26 Table 3.2 Summary of monitoring in the CLNR project Monitoring Type Device used and No. of units fitted Quantities monitored Sensors Accuracy Data Transmission Data Communication Comment M1 Primary 7 SuperTapp N+ 5 Fundamentals DAM* MR Trafoguard line voltage per phase Bi-directional RMS L2 current. Real Power and Reactive Power Tap position Temperature Current CTs EN class 0.5S 1600/5, 1200/5 800/5 400/5 & 300/5 Interposing clip on CT on outgoing feeders 300/5 or 400/5 CTs Thermocouple Voltage: to IEC 62053, Class 0.5 S Current to Class 0.5S Thermocouples: ±0.25% 15 second intervals with dead band of greater than 100v^ Fixed line firewall secured broadband ADSL Existing DNO SCADA ^Values extracted from AVC relay Alarms fed over SCADA link M2 HV feeder monitoring 1 Nortech Envoy Bi-directional RMS L2 current. Real Power and Reactive Power Interposing clip on CT Current to Class 0.5S 1 minute averaged over 15 second intervals Roaming GPRS to ihost server M3 HV Industrial and Commercial 1 Direct metered 5 Commercial aggregator sites Real Power Commercial Metering Modbus Load feed Voltage: to IEC 62053, Class 0.5 S Current to Class 0.5S 30 minute averaged over 1 minute intervals 1 minute averaged Modbus data link for loading information SCADA BMS or GPRS results obtained from commercial metering in place with energy supplier and commercial aggregator M4 Secondary Distribution transformer monitoring 3 Tapconn Nortech Envoy 2 Kelvatek gateway RMS phase voltage and line to neutral voltage per phase Bi-directional RMS currents per phase and neutral current. Real Power and Reactive Power Phase angle per phase Tap position 1st to 50th Harmionic Flicker Temperature Fused voltage take off, Rogowski coils PQube power quality meter ND metering solution rail 350 Novus Digirail Temperature sensors Voltage: to IEC 62053, Class 0.5 S Current to Class 0.5S Thermocouples: ±0.25% 15 second intervals with dead band of greater than 1v^ 1 minute averaged over 15 second intervals Fixed line firewall secured broadband ADSL Roaming GPRS to ihost server ^Values extracted from AVC relay 26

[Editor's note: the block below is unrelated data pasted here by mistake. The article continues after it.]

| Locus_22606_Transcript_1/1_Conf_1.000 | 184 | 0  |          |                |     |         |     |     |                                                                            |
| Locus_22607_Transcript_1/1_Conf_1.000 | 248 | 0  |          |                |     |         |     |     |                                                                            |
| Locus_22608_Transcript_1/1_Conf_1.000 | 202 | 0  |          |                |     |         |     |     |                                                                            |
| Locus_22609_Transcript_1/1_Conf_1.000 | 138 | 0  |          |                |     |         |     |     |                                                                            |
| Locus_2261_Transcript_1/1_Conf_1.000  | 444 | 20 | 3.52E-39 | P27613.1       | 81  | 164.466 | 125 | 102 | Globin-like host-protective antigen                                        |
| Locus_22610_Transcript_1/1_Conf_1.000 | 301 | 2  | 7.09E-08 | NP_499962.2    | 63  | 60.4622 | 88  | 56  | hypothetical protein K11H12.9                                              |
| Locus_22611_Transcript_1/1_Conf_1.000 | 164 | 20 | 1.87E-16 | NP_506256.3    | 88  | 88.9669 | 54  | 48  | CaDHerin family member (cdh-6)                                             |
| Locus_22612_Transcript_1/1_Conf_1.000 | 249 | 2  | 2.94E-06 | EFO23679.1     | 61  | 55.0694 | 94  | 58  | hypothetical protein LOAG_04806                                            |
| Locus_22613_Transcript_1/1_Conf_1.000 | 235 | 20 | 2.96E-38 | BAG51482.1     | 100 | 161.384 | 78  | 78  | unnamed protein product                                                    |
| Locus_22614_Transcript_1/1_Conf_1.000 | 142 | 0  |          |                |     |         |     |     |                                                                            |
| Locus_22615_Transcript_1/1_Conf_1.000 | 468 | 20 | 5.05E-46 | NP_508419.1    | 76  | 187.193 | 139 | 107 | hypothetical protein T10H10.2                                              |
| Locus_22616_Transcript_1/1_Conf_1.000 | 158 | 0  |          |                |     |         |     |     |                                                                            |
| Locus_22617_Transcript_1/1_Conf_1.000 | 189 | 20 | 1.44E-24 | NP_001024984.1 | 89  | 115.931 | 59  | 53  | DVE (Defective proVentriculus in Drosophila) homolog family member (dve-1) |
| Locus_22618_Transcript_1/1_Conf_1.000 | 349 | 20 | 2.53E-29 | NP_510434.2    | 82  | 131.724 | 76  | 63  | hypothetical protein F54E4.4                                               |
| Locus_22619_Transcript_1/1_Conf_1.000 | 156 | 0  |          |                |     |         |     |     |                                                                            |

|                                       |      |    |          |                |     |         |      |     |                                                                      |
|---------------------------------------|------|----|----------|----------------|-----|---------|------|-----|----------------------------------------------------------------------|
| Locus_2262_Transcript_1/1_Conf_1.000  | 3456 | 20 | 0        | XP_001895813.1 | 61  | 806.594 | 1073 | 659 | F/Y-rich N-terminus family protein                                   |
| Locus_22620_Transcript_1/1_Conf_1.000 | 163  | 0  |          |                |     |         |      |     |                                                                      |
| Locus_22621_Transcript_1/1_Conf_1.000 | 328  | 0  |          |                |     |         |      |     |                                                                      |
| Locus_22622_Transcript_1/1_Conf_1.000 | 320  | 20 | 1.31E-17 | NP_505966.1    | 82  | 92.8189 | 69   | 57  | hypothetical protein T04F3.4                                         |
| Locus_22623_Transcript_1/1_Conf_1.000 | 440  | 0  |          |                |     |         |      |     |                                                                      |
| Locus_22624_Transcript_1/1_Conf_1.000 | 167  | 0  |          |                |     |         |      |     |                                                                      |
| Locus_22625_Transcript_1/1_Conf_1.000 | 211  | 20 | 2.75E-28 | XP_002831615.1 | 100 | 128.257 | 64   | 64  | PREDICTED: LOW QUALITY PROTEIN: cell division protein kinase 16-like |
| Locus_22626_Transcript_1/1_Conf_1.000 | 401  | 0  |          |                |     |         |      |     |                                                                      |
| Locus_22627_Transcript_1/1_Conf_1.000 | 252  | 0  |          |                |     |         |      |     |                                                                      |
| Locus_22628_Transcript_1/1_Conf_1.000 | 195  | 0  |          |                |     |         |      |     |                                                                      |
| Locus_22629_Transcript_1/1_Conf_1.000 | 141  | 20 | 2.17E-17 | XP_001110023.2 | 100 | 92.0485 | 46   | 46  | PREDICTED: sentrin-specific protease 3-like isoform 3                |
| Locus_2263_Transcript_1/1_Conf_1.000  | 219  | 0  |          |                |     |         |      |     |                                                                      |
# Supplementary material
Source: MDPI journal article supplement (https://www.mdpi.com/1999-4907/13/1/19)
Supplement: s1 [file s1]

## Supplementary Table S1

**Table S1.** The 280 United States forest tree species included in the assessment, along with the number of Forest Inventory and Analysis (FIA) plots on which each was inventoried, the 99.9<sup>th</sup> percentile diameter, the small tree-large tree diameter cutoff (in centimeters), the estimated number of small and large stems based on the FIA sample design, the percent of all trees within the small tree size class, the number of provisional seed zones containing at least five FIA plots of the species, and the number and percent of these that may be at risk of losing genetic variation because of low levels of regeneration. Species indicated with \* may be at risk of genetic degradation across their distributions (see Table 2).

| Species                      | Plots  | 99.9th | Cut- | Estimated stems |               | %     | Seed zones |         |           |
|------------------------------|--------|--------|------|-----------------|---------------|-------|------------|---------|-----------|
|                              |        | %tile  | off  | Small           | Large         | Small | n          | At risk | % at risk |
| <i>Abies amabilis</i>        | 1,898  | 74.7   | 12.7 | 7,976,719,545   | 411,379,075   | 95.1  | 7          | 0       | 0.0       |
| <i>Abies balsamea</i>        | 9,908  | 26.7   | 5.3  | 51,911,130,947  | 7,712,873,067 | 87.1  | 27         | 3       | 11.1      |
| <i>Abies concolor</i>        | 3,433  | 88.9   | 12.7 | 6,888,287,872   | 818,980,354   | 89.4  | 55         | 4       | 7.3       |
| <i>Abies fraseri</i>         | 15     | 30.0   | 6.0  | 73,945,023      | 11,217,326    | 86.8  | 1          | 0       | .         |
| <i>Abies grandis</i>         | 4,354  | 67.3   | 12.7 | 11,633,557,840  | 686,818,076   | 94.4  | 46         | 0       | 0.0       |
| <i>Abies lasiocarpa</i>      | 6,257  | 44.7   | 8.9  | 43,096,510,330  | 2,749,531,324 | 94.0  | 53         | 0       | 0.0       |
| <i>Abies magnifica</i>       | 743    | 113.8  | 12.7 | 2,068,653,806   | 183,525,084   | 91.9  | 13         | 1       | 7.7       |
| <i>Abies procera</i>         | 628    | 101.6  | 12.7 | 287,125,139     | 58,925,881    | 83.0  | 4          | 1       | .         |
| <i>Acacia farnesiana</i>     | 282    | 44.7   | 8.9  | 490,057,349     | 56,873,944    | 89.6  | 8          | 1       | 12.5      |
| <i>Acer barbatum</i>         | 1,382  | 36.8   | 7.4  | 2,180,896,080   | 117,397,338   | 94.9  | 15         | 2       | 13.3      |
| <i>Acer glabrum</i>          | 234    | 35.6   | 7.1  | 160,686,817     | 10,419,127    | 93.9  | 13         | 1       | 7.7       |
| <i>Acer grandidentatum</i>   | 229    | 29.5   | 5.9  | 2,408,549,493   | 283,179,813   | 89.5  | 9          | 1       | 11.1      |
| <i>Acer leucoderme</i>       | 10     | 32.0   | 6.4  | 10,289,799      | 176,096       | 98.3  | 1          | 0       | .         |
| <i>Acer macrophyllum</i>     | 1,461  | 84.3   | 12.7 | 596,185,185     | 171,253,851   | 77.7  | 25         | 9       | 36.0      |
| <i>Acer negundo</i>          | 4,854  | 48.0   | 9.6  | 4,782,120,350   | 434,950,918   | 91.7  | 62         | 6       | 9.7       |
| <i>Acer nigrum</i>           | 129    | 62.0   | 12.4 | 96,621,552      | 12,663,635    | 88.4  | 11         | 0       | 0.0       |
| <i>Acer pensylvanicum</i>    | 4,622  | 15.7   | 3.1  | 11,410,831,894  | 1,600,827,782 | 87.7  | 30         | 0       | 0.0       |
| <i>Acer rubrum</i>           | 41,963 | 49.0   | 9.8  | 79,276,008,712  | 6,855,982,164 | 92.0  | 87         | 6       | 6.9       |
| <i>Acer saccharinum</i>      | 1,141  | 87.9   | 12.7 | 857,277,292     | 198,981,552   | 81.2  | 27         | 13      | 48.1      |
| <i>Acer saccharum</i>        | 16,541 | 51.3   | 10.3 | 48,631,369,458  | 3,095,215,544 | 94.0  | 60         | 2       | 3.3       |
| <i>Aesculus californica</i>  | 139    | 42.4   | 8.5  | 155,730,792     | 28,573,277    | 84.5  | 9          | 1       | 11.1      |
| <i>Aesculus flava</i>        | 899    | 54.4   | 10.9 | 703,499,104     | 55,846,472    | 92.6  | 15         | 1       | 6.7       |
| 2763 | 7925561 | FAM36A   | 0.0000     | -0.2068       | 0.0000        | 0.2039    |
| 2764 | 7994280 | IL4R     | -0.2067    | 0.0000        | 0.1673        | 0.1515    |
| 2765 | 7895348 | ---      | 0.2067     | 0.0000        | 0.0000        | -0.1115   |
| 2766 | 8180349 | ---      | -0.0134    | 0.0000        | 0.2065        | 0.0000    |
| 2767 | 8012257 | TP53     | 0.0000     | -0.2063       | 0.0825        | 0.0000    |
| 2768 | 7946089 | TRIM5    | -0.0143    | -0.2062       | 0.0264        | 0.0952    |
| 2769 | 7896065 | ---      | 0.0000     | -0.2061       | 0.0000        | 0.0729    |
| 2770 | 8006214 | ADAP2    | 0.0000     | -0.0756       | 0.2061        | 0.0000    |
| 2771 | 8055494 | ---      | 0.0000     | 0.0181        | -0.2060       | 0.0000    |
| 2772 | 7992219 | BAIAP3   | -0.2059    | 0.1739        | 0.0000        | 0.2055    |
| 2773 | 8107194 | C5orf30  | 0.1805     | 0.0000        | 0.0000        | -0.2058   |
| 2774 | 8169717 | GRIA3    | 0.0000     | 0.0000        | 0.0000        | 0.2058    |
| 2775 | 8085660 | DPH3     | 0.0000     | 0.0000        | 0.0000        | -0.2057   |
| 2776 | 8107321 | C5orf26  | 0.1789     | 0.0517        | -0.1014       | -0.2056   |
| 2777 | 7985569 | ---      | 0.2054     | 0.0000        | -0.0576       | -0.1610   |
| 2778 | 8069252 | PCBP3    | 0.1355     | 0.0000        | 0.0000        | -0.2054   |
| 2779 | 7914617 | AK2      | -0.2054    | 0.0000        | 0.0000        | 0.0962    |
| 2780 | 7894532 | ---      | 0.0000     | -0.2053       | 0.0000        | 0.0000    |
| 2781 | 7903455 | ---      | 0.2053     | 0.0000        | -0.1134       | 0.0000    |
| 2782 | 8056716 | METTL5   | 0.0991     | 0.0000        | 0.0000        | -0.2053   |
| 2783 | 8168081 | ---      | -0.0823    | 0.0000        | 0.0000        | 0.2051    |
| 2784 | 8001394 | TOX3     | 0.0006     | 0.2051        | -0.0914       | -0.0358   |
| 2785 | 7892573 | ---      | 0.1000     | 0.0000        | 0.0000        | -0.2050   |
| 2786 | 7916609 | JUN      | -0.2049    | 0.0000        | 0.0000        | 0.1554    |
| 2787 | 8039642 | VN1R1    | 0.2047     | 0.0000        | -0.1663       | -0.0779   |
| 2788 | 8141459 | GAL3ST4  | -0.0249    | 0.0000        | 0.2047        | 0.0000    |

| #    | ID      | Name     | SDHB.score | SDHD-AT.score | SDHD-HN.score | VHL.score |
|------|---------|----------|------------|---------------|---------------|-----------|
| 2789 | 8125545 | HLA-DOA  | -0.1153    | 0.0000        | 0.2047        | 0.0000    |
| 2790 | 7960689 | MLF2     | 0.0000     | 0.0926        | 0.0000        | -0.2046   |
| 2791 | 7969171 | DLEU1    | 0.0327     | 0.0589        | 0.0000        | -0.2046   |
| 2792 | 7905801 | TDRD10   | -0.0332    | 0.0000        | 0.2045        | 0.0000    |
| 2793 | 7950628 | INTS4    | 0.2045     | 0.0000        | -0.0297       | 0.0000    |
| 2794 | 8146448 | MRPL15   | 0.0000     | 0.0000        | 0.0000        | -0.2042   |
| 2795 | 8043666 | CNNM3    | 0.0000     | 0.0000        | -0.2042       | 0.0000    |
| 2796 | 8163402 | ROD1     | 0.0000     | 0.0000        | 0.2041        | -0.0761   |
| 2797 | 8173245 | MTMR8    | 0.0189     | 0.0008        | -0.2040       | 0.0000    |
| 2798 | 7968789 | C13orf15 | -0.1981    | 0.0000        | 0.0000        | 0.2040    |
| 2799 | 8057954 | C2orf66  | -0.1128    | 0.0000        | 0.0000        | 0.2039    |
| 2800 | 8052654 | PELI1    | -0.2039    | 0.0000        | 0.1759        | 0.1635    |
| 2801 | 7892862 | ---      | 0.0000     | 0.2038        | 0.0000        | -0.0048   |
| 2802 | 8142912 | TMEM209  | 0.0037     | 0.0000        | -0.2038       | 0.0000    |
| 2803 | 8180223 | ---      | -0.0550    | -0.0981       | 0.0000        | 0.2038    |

27 M5 LV Feeder monitoring 3 Nortech Envoy 32 Prysmian smart link box RMS Phase voltage and line to neutral voltage per phase Bi-directional RMS currents per phase and neutral current. Power factor per phase Phase angle per phase 1st to 50th Harmionic Fused voltage take off Rogowski coils Conventional VT / CT in link box Kelvatek Bidoing Voltage: to IEC 62053, Class 0.5 S Current to Class 0.5S 1 minute averaged over 15 second intervals Roaming GPRS to ihost server Flicker 27